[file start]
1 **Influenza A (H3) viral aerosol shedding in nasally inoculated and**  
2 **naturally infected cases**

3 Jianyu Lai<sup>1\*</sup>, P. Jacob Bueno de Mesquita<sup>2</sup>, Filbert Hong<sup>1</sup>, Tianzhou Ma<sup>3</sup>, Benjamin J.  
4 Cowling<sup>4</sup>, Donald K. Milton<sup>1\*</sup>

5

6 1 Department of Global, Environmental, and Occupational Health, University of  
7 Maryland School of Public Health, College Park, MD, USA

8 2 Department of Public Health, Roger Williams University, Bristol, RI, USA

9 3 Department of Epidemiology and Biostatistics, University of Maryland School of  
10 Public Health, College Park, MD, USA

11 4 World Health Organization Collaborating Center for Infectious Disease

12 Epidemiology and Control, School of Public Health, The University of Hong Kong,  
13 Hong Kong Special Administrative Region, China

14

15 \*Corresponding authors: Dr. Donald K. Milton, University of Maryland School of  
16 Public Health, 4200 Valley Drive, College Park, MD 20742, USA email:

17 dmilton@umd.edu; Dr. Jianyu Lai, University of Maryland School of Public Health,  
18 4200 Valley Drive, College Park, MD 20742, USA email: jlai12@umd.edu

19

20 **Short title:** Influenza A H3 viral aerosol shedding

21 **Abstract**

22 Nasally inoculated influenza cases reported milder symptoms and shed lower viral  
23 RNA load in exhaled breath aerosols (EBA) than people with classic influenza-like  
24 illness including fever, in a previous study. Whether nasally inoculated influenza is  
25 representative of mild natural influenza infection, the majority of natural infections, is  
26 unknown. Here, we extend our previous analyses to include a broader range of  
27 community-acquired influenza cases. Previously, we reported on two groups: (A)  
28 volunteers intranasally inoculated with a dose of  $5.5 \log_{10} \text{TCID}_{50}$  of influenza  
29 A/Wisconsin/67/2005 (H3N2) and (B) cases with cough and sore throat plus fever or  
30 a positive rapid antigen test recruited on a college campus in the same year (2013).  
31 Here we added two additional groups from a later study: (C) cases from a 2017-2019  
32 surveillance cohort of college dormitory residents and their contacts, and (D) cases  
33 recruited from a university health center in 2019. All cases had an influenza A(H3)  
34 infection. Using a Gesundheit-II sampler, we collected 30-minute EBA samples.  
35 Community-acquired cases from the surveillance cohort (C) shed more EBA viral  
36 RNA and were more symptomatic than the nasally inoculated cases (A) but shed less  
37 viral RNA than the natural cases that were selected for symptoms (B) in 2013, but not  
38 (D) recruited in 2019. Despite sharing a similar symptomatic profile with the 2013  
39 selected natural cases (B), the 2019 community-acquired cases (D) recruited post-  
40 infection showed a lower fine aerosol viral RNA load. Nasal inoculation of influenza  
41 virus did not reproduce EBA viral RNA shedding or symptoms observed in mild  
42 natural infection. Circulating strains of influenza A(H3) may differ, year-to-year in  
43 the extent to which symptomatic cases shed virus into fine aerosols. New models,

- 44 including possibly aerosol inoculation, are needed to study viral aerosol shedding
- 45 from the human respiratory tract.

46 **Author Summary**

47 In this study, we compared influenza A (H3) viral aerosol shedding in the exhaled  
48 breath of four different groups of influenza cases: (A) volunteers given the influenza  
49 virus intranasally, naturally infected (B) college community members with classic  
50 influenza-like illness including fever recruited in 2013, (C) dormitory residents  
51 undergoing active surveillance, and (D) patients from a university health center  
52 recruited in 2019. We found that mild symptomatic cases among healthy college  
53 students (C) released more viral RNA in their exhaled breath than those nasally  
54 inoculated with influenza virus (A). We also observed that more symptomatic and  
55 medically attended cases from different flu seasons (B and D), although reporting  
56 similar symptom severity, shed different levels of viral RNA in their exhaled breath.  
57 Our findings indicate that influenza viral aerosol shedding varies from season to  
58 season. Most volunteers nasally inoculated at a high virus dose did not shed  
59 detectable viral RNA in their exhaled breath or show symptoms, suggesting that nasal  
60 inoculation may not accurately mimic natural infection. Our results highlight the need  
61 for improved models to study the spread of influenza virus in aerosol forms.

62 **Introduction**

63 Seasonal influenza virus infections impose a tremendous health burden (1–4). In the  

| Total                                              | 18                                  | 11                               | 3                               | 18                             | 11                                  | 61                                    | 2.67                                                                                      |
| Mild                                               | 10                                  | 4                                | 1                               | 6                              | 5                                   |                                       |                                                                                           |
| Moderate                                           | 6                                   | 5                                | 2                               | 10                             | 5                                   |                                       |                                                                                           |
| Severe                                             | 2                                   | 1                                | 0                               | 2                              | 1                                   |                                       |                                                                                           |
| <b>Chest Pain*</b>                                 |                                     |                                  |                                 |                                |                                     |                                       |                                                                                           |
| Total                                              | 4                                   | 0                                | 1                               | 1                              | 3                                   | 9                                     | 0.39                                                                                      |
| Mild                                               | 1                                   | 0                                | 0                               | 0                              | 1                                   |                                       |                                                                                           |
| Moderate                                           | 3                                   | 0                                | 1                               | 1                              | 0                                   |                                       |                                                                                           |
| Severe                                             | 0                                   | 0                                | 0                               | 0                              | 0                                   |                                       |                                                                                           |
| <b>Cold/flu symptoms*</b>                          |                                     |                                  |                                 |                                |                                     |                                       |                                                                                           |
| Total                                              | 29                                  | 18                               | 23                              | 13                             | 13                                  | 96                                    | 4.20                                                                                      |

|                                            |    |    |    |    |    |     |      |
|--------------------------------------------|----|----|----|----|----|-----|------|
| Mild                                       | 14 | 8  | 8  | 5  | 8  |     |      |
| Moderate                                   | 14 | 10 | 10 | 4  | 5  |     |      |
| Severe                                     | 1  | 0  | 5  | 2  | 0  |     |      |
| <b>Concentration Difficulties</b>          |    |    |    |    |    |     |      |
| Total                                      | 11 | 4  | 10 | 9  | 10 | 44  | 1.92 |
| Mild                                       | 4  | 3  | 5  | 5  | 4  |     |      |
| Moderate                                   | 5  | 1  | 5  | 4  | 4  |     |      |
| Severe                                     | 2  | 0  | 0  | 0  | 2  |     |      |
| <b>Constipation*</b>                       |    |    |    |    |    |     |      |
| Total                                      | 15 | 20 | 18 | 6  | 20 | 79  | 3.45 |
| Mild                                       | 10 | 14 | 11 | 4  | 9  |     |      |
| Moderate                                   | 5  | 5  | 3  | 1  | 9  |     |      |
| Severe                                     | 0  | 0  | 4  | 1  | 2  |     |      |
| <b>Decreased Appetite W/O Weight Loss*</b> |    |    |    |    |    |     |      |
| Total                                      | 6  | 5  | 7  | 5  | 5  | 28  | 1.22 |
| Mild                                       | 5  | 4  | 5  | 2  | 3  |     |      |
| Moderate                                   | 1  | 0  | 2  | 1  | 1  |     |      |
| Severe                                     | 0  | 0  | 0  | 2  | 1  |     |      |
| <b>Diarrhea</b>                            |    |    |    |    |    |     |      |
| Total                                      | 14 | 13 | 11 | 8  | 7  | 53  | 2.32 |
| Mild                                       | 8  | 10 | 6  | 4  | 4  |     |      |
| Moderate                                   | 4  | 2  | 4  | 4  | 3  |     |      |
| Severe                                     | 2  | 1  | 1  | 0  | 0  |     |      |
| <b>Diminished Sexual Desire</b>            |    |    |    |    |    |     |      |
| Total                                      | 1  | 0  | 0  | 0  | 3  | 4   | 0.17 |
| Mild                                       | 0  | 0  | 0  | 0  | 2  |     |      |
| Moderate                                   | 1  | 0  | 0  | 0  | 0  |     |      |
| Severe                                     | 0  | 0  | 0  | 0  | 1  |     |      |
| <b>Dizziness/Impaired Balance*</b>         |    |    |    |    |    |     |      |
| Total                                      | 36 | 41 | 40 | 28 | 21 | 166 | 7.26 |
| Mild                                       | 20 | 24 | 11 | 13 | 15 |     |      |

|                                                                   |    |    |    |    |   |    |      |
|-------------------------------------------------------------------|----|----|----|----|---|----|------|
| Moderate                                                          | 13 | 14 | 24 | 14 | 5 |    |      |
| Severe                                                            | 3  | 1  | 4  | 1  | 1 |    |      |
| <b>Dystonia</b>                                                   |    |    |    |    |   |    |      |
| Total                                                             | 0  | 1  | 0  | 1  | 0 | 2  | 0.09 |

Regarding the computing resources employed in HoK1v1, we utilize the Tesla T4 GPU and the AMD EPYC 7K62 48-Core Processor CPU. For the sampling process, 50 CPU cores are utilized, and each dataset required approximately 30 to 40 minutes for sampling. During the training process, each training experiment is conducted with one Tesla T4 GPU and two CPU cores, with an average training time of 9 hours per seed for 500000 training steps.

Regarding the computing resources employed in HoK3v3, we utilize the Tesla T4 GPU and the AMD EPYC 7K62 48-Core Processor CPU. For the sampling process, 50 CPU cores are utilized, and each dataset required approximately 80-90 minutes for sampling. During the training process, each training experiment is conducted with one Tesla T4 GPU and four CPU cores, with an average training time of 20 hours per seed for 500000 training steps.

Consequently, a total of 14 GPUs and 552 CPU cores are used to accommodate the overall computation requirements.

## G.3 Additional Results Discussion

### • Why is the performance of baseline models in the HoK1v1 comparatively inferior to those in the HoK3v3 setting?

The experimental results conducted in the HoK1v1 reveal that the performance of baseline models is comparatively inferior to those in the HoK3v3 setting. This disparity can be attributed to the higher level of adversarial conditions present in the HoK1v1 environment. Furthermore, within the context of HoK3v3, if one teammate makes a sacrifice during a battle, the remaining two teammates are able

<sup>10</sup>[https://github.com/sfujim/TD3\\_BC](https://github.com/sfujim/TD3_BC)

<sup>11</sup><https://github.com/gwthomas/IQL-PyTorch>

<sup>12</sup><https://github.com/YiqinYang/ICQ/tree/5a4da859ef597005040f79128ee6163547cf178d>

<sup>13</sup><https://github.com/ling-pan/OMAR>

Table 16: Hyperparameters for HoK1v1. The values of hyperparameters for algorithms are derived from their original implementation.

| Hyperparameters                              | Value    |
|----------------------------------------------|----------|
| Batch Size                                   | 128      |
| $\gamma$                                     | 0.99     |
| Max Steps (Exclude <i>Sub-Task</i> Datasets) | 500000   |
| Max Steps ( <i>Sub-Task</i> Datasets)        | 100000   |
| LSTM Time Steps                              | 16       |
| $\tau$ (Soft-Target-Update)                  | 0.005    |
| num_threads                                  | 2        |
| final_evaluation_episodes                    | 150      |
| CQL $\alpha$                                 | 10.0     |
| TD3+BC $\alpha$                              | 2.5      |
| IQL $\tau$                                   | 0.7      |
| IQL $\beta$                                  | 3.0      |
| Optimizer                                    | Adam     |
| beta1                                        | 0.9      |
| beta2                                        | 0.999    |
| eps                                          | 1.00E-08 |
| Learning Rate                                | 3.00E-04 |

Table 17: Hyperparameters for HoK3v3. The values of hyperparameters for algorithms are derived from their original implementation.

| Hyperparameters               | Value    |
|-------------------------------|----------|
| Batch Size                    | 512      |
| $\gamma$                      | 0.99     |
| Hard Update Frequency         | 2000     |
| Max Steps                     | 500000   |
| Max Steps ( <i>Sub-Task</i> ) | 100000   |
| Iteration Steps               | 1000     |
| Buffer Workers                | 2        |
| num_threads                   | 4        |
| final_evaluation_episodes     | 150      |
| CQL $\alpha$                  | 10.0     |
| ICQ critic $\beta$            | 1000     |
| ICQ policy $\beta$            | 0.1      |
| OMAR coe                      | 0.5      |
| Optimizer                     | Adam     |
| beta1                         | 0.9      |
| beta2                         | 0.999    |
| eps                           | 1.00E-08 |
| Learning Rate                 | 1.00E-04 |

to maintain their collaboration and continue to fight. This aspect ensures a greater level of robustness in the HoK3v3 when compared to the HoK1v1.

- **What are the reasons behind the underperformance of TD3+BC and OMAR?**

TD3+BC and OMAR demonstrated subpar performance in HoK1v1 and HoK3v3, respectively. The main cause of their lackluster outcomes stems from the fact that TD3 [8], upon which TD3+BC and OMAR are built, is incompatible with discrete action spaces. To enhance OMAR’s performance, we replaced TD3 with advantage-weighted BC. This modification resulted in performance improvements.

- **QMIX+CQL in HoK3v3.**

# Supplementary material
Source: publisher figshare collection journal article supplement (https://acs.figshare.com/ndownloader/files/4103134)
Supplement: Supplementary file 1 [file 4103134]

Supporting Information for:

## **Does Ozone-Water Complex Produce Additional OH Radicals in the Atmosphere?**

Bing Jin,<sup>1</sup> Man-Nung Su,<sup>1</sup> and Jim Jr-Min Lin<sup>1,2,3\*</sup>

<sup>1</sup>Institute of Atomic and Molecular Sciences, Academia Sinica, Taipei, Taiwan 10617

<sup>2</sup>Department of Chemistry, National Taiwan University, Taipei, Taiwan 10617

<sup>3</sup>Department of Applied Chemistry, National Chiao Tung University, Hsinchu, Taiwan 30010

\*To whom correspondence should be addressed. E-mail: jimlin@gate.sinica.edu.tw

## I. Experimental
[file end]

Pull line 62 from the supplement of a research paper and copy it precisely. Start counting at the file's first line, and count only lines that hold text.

62 **Introduction**